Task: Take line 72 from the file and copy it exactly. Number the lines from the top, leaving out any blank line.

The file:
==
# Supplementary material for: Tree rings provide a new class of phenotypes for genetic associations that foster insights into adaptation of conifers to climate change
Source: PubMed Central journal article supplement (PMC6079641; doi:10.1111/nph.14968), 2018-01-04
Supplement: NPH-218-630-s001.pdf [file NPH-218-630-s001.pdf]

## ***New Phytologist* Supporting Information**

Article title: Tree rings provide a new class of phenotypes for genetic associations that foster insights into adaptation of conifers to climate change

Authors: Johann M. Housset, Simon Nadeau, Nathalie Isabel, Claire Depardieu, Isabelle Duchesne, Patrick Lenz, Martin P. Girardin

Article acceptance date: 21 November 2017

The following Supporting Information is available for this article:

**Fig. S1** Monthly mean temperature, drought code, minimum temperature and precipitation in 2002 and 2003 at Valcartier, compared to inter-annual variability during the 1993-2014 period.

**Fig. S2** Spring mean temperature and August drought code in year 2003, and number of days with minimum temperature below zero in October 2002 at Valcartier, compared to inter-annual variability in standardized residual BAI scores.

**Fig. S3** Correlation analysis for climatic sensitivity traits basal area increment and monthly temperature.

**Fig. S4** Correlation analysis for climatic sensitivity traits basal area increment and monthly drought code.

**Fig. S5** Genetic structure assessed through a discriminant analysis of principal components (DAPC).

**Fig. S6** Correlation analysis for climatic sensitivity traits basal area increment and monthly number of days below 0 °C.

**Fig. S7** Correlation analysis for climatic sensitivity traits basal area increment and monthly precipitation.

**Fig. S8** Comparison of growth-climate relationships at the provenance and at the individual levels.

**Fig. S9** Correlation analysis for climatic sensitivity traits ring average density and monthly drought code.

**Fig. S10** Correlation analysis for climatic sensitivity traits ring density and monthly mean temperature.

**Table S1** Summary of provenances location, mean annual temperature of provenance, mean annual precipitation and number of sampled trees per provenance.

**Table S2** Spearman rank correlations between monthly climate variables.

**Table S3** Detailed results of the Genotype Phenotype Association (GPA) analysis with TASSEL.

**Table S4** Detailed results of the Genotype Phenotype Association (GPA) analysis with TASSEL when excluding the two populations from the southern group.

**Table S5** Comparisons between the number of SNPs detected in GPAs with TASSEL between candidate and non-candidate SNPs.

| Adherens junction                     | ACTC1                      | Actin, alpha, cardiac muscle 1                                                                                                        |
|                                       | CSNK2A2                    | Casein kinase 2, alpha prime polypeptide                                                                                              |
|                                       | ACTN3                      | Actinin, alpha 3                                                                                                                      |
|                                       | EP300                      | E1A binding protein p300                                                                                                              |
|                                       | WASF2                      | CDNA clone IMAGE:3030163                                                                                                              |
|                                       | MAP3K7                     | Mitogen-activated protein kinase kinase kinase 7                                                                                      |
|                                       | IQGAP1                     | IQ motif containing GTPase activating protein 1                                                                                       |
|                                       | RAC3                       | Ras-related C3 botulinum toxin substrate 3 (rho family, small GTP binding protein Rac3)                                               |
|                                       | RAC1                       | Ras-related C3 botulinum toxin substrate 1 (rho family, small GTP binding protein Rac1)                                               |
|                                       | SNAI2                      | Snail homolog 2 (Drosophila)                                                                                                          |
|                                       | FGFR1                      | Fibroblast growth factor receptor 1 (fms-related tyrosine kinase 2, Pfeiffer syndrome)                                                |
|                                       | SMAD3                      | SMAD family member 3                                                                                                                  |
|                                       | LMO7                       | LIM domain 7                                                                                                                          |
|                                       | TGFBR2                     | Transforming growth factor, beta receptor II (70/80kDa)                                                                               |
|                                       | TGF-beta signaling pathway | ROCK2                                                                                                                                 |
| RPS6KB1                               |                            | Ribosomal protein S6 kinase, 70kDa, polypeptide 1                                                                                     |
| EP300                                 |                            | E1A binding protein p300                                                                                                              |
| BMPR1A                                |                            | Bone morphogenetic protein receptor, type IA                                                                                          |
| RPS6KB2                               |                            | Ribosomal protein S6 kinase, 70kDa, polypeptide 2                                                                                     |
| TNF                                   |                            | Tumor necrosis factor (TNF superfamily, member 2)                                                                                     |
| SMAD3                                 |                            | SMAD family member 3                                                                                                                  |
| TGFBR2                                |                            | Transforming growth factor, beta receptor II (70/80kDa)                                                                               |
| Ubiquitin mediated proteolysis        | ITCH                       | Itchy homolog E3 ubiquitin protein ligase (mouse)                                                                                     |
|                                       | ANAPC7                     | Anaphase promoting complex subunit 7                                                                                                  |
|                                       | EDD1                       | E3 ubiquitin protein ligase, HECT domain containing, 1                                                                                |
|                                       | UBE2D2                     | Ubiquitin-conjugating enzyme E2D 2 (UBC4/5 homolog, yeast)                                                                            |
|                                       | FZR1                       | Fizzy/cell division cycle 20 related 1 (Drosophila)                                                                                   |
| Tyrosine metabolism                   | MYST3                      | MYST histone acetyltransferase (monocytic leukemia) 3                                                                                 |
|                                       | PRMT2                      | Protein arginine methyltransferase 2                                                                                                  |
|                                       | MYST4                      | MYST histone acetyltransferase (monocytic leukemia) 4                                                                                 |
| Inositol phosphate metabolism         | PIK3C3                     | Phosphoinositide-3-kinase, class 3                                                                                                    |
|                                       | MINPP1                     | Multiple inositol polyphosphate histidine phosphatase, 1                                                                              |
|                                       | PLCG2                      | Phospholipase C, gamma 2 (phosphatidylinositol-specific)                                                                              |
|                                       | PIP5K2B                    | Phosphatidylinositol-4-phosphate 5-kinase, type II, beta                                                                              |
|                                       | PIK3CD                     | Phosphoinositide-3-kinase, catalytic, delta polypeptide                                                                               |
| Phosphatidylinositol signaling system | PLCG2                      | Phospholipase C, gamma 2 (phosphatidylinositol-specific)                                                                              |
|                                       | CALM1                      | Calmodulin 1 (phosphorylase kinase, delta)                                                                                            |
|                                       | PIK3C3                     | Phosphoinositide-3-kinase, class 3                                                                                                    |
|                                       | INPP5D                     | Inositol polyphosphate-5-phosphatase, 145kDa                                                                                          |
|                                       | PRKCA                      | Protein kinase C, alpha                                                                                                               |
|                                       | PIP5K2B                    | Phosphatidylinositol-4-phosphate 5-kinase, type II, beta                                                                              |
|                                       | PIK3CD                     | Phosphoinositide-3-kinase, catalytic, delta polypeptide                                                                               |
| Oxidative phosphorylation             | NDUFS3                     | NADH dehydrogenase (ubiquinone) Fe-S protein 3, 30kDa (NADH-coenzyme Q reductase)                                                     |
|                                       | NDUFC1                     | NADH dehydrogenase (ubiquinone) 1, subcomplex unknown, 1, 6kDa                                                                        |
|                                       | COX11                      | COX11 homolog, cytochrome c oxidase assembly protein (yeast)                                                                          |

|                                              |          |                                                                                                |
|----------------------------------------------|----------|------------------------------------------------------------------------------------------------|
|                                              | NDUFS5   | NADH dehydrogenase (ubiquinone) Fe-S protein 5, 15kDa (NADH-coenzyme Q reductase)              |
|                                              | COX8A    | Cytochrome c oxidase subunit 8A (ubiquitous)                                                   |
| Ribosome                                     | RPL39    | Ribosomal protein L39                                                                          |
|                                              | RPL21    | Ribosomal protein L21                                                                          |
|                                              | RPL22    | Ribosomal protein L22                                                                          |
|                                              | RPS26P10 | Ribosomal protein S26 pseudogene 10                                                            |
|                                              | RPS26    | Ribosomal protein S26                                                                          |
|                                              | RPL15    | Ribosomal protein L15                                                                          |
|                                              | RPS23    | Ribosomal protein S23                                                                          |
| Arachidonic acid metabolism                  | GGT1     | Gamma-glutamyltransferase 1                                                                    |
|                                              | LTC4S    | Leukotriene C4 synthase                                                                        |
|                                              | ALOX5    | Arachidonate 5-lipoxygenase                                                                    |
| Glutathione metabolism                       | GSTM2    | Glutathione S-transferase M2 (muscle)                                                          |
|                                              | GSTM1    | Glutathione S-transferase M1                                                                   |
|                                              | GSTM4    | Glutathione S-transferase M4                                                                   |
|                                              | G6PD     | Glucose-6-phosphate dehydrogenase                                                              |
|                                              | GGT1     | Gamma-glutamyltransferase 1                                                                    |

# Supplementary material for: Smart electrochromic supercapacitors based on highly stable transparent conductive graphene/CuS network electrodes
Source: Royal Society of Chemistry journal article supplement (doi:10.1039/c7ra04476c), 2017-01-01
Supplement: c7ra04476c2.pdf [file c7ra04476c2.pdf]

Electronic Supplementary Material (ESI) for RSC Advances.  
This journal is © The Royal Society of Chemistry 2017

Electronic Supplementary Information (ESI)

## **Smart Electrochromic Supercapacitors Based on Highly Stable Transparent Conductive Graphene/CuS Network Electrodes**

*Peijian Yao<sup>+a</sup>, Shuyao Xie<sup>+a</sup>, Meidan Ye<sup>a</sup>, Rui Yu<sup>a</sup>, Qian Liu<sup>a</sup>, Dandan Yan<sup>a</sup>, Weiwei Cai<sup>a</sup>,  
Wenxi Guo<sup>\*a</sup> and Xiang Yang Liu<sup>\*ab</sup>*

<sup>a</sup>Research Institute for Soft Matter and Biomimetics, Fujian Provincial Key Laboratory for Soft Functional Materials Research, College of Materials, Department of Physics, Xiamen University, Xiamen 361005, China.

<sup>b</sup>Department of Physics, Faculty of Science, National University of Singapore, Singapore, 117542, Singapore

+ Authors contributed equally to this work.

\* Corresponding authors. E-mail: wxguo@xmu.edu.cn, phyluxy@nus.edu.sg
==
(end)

|                                              | COX8A    | Cytochrome c oxidase subunit 8A (ubiquitous)                                                   |